An inspiration to children . . .

Even though Louisa May & Mr. Thoreau’s Flute is a children’s picture book (and the pictures by Mary Azarian are beautiful), there is plenty of good and accurate biographical information in this story.

I would hope that any child would be inspired to unlock their door to creativity by reading this wonderful book.

And adults

I immediately went to Amazon and bought Louisa May & Mr. Thoreau’s Flute – I wanted a keepsake to remind me not to suppress, but to develop and express, my artistic, musical and writing abilities.

A simple song

Here’s a little fruit from my reading, a very simple little melody for “To the First Robin.”  I made a rough recording of it on my iPod and I thought I’d share it with you.

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Talking with Jeannine Atkins, author of “Becoming Little Women”

As promised, here is the follow-up interview with Jeannine Atkins, the author of Becoming Little Women.

Susan, Thank you so much for the opportunity to reflect back on writing Becoming Little Women and the fascinating people who inspired my novel! And, always, for spreading your passion for Louisa May Alcott. Someone who is certainly worthy of coming back to again and again.

1. Fruitlands is a difficult topic for adults, what prompted you to write about it for children?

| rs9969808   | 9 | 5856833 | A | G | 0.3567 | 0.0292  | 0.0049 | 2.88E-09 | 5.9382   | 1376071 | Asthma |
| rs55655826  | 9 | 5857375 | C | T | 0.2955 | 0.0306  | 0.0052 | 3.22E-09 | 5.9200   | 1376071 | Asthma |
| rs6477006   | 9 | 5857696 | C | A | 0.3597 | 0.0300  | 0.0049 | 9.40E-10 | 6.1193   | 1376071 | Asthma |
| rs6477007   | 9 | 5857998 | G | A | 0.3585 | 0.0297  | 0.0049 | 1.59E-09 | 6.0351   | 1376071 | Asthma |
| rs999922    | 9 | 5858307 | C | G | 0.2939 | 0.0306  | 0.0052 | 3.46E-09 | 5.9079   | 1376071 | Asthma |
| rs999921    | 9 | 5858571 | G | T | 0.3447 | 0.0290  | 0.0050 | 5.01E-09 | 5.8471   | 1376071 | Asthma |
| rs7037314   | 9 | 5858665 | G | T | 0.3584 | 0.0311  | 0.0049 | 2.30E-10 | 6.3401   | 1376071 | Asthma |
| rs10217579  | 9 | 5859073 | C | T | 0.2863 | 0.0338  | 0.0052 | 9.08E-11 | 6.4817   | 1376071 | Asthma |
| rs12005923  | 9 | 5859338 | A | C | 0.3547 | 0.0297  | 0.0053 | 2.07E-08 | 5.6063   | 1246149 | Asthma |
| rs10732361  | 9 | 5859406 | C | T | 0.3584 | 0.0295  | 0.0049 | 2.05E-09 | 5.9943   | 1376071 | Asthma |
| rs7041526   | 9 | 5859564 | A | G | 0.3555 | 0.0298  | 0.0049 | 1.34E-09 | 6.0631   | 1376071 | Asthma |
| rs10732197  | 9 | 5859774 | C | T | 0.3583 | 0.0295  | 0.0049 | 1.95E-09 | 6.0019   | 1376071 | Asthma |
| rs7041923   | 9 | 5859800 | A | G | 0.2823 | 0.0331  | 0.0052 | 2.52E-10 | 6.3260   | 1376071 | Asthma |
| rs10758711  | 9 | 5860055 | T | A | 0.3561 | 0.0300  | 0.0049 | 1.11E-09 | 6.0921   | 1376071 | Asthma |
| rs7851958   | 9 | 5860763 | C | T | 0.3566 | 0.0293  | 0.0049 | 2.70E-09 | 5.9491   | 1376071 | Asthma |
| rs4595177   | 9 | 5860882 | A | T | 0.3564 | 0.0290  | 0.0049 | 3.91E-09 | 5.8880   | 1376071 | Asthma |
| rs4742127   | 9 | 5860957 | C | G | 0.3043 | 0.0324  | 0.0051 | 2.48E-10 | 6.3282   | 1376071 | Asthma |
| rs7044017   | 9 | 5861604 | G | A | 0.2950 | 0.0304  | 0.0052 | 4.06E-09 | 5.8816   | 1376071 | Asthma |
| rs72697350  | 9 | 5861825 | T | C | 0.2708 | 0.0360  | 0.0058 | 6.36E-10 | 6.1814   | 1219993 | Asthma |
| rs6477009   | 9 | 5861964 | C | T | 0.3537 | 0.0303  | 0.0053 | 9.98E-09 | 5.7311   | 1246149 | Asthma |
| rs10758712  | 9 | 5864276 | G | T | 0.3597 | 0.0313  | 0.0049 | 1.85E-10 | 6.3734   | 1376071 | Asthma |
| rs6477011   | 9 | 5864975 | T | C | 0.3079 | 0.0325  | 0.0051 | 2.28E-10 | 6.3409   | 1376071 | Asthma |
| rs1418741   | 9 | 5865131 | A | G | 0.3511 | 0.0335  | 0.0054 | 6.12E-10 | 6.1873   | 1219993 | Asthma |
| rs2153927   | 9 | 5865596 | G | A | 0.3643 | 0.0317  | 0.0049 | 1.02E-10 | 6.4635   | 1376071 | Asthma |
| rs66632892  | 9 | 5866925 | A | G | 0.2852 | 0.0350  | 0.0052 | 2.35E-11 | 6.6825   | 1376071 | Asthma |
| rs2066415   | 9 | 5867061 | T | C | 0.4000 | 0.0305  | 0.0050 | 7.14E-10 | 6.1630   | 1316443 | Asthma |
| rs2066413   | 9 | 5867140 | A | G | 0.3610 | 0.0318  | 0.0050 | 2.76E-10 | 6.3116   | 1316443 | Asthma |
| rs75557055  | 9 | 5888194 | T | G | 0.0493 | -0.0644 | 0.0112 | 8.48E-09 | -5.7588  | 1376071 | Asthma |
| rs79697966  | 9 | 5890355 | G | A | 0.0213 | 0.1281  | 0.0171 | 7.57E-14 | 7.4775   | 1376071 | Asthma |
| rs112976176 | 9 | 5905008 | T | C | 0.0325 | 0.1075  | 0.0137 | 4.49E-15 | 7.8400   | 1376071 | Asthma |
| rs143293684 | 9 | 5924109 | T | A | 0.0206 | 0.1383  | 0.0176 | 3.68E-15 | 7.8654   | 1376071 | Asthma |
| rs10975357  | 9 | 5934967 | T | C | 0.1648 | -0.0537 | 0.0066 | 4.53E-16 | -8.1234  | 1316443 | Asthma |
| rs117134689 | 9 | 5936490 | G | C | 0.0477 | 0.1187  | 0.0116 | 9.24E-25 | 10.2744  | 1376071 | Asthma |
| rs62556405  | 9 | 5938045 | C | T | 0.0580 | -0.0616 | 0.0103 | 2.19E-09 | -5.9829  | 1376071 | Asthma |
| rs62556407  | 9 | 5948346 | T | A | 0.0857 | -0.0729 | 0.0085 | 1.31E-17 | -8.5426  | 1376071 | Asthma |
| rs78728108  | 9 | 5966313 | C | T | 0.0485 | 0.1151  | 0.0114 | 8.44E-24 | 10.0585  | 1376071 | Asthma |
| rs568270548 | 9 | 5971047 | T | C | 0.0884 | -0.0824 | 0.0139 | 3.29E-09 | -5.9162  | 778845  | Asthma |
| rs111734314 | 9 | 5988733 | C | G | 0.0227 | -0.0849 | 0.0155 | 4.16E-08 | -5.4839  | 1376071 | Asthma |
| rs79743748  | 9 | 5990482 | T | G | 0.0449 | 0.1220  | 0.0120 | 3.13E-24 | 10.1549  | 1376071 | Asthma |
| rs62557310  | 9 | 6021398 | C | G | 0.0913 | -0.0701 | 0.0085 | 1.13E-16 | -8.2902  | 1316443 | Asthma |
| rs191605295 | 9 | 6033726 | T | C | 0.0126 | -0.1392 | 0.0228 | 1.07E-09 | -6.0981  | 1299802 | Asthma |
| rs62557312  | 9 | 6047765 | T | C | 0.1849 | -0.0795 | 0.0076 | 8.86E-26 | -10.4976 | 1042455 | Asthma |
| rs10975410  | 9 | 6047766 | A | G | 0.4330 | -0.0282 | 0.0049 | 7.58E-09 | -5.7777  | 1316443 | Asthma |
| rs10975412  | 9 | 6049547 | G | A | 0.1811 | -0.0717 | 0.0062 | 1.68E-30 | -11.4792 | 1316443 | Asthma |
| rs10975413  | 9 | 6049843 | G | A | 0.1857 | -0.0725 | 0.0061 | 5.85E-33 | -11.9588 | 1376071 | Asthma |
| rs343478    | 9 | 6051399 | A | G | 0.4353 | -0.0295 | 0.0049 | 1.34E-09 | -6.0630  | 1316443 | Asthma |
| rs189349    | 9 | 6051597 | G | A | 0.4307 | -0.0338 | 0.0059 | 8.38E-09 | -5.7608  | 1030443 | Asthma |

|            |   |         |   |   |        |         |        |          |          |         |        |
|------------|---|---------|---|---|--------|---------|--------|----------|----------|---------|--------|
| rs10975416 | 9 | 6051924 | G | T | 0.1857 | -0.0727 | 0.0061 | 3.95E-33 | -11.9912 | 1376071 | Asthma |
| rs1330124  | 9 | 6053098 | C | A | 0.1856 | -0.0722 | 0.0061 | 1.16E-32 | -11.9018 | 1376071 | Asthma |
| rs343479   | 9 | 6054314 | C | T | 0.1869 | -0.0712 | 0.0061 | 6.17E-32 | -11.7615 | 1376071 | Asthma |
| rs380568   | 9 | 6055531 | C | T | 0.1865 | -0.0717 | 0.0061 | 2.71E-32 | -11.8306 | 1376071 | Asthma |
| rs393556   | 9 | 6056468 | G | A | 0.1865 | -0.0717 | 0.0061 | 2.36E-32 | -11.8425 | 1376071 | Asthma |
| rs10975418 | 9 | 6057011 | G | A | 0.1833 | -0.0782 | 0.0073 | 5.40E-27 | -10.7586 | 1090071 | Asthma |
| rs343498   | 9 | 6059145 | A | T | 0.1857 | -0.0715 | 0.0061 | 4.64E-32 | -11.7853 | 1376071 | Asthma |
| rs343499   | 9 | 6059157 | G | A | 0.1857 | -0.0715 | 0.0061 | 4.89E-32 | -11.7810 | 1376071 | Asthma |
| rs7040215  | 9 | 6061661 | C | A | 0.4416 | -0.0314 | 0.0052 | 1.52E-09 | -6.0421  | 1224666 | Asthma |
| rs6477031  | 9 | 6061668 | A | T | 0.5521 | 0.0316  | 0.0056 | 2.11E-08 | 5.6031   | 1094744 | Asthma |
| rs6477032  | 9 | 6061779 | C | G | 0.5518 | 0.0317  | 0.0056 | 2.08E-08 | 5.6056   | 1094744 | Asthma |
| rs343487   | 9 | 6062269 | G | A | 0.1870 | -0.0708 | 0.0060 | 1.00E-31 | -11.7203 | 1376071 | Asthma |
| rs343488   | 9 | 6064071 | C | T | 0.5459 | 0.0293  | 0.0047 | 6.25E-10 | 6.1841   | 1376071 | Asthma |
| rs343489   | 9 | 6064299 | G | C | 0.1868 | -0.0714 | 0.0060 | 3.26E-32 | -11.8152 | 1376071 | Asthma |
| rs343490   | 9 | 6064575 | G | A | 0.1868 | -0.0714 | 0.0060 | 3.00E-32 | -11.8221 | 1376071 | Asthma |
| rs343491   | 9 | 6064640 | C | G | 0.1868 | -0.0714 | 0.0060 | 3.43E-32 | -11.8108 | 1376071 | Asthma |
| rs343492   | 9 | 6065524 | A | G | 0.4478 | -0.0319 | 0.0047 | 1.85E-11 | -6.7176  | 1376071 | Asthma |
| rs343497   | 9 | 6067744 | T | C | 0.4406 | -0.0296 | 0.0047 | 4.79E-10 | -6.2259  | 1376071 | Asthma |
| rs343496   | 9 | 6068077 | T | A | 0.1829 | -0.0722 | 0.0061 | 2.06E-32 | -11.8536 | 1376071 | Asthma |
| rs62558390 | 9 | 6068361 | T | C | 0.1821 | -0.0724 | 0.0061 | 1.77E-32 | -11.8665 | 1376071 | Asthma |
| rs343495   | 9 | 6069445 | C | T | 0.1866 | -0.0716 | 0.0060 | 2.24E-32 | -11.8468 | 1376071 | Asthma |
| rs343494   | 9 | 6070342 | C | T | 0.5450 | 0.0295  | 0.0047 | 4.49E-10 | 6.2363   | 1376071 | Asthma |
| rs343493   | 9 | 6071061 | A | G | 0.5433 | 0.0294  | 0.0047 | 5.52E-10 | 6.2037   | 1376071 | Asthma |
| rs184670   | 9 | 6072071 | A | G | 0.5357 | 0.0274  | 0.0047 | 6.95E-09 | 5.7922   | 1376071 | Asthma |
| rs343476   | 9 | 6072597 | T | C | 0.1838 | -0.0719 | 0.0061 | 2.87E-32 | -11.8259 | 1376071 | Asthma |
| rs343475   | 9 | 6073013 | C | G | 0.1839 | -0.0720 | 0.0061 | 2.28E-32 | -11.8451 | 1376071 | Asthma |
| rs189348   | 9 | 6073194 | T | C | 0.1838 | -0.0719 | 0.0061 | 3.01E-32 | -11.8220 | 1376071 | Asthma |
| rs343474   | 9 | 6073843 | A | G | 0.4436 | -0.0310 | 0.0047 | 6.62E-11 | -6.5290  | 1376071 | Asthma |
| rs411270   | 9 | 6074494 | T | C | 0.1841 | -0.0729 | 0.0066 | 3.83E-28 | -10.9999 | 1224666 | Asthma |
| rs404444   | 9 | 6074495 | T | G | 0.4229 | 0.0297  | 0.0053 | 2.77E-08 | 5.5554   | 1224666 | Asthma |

Louisa kept journals for most of her life, a habit I expect was important to her writing of fiction. I believe the first journals, at least to survive, are those she kept at Fruitlands. I see this as the beginning of Louisa’s long, productive writing career, beginning at age ten.

Particularly in my generation, many girls who wanted to be writers, or dreamed of independence, identified with Jo in Little Women. I’m happy girls still read that novel, and still want to be like Jo, but I wanted to show that Louisa’s writing stemmed from enduring hardships as well as having good times, such as writing and acting in plays with her sisters.

2. How did you research this book? How long did you work on it?

Around the same time I was writing Becoming Little Women, I wrote a picture book called Mary Anning and the Sea Dragon about a girl in the early 1800s who became the first person to make a living selling fossils. Mary came from a poor family and left school by age ten. There was very little documentation of her work.

Writing about the Alcotts was the opposite experience. Not only all the Alcotts, but it seemed like half the population of Concord, kept journals! I was able to read some from the family (holding original documents at Harvard’s Houghton Library was a highlight of my life) as well as accounts by people such as Ralph Waldo Emerson who visited the farm. I read, while doing other things, for about a year, then wrote and revised for two, maybe three, more years.

3. How does an author become comfortable enough with the history to write a fiction novel based on that history?